In his campaign and administration, Trump surrounded himself with people who were connected to the Panama Papers data. Trump’s son-in-law, Jared Kushner, received financing from the Steinmetz family, who used multiple Mossfon companies and HSBC bank accounts. Kushner also did a $295 million real estate deal with Lev Leviev, an Israeli oligarch known as the “Diamond King,” who had at least three Mossfon companies and a trust. Leviev was a business partner of Russian-owned Prevezon Holdings, which was implicated in the Magnitsky case, an alleged $230 million theft by Russian mobsters. Prevezon’s assets were frozen by U.S. prosecutors while they investigated money laundering in the case. After the firing of U.S. Attorney Preet Bharara, the Trump Department of Justice abruptly settled with Prevezon for $5.9 million.
Trump’s campaign chairman, Paul Manafort, had business relationships with two Russian oligarchs — gas billionaire Dmitry Firtash and metals magnate Oleg Deripaska, a confidant of Vladimir Putin — both of whom had offshore companies with the Panamanians. Sebastian Gorka, former deputy assistant to the president, appears to have written to the law firm in 1992 about a company he was researching for his employer. Mossfon provided Gorka with information on the company and then invoiced him $125. Gorka refused to pay, insisting that the inquiry had been “on a casual basis,” and no fee had been discussed. Mossfon did not pursue payment.
At Trump Tower on Election Night, Yalçındağ handed his cell phone to the new president-elect. Turkey’s president, Recep Tayyip Erdoğan, thus became the first world leader to congratulate a still-stunned Donald Trump on his victory. Trump had spent the final hours of the evening glued to the television, in near silence. According to an account of the conversation between Trump and Erdoğan, procured by the Turkish journalist Amberin Zaman, the president-elect referred to Yalçındağ as his “close friend” and told Erdoğan that Yalçındağ was “your great admirer.”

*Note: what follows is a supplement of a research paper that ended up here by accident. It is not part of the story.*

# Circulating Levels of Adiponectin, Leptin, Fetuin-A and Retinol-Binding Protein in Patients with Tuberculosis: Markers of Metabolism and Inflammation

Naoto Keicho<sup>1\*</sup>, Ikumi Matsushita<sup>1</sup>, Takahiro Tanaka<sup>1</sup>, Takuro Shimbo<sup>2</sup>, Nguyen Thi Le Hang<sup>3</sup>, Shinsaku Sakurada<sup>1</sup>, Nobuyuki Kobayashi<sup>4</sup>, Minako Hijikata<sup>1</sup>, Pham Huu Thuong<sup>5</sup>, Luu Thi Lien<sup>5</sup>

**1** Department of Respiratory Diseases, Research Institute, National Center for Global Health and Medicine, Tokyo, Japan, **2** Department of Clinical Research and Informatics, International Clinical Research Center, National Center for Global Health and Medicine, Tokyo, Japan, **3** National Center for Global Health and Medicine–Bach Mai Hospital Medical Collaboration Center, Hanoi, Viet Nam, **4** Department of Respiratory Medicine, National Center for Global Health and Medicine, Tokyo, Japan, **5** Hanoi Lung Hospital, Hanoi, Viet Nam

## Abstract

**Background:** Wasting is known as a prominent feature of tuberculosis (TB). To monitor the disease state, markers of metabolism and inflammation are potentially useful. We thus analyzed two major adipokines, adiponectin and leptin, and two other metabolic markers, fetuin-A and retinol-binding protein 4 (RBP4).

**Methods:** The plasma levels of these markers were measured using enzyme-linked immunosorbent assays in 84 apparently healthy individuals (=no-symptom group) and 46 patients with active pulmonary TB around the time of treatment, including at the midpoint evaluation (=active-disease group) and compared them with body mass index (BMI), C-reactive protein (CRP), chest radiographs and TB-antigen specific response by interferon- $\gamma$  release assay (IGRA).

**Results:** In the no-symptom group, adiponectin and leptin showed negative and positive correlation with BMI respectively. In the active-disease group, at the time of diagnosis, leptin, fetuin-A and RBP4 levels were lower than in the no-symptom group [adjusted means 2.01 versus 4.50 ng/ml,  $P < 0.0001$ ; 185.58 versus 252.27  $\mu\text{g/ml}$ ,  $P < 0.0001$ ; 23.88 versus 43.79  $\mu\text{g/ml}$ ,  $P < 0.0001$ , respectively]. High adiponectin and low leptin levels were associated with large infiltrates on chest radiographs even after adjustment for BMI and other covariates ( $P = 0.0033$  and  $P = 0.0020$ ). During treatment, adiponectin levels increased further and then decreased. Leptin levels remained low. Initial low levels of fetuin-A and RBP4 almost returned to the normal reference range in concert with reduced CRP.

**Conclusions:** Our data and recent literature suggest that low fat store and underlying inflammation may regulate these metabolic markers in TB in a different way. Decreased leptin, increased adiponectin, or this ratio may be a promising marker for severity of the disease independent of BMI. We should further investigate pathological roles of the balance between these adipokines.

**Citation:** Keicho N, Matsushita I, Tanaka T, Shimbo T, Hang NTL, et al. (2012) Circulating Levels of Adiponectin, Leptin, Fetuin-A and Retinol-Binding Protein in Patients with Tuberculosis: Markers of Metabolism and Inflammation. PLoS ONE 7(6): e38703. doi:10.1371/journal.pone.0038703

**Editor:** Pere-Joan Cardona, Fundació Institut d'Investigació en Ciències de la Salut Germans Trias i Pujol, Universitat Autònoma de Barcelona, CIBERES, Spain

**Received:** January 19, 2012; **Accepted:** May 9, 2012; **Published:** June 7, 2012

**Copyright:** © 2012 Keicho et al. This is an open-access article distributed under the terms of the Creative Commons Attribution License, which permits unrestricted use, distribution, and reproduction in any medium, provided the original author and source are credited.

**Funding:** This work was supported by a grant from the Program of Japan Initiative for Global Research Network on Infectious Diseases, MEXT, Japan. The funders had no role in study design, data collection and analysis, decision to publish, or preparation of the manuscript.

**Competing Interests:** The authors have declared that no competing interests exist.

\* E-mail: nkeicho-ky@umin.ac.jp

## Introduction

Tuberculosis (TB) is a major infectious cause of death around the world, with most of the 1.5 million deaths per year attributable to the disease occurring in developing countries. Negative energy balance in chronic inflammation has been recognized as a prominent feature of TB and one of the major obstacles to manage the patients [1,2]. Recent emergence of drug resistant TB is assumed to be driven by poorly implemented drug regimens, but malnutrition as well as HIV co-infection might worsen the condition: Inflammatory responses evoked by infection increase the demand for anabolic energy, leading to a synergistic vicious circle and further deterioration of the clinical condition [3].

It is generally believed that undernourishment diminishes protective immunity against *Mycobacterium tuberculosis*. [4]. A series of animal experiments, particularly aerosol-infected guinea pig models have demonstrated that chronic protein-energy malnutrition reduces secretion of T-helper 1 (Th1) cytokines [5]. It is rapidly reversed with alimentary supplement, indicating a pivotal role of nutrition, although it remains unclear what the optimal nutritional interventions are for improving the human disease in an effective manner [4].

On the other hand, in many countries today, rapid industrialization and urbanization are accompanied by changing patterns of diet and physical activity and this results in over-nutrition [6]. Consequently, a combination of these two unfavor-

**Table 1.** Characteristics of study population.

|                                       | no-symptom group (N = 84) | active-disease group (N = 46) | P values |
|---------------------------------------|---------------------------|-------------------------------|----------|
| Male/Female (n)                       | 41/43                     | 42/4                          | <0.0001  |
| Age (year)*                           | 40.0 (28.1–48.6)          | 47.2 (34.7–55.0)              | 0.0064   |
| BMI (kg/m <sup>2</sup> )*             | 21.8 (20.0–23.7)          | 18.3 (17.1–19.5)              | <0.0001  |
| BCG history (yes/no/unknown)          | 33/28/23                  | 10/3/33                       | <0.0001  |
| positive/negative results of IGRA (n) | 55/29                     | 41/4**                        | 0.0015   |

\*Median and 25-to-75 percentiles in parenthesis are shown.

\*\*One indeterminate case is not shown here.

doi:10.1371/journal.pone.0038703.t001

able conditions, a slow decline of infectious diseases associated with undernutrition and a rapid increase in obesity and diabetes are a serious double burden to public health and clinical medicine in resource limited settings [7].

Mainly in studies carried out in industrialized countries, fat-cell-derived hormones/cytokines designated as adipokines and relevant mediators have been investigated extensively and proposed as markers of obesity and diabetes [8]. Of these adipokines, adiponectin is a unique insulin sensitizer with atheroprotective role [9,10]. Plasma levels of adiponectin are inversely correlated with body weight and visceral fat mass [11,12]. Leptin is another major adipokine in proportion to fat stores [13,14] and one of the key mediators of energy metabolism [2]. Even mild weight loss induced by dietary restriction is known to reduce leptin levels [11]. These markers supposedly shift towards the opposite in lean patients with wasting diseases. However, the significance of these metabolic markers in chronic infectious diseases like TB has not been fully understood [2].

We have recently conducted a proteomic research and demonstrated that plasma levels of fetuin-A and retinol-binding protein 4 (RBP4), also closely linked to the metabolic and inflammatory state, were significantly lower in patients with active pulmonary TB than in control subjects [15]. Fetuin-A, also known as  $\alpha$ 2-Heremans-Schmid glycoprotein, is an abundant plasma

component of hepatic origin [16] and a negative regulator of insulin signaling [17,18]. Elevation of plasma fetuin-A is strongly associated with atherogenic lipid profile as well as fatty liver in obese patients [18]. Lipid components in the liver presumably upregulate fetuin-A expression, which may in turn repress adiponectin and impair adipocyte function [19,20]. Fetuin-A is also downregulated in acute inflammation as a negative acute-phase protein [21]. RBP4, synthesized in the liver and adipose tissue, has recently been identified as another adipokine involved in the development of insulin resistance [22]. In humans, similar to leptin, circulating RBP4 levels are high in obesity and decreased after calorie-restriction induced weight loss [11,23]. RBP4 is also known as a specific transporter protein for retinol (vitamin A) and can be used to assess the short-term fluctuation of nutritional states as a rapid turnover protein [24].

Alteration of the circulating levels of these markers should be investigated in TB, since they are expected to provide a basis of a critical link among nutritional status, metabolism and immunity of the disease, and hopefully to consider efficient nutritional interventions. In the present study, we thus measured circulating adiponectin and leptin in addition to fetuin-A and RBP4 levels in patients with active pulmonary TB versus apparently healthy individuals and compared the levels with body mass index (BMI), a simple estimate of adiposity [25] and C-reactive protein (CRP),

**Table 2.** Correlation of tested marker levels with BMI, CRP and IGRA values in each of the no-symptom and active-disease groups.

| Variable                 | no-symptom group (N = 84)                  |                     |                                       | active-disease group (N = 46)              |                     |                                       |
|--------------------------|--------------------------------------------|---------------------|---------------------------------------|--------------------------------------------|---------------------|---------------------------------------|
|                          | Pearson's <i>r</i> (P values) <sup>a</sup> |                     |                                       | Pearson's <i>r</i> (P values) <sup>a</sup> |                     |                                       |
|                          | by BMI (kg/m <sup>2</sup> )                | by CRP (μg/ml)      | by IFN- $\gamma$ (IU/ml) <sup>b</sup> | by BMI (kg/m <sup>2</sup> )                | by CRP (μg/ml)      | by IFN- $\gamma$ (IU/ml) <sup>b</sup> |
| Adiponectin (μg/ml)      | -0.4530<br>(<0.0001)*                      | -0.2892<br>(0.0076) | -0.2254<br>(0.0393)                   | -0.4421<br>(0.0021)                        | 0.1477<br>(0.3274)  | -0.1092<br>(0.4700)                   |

Trump’s support was a fortuitous stroke for Yalçındağ, who was desperate to be in the Turkish president’s good graces. Erdoğan had attacked his family’s company, Doğan Holding, a sprawling financial empire with significant Turkish media and oil interests, several of which had Mossfon connections. Erdoğan’s government had pursued Doğan over allegations of massive tax evasion and critical media coverage, levying billions of dollars in fines against the conglomerate.
Trump had long made a practice of consorting with dodgy characters for financial gain. News organizations reported that in New Jersey and New York he regularly conducted business with people connected to the Mafia. He had leased the site for his first casino from two men with Mob ties. Building unions known to be controlled by the Mob continued to service Trump’s worksites, even when they went on strike elsewhere. Suffering no ill consequences for his sketchy associations, Trump doubled down when he was later forced to transform his business.
By the mid-1990s, Trump’s bankruptcies and penchant for civil lawsuits dried up funding from most U.S. banks. He moved away from developing properties himself, focusing instead on selling his brand and seeking revenue abroad. He now licensed “signature” developments that bore his name and were built to his precise specifications. In the case of hotels, the Trump Organization would often manage the property for a percentage of the revenue. Outside the United States, he became even less picky about the origins of the money that came his way.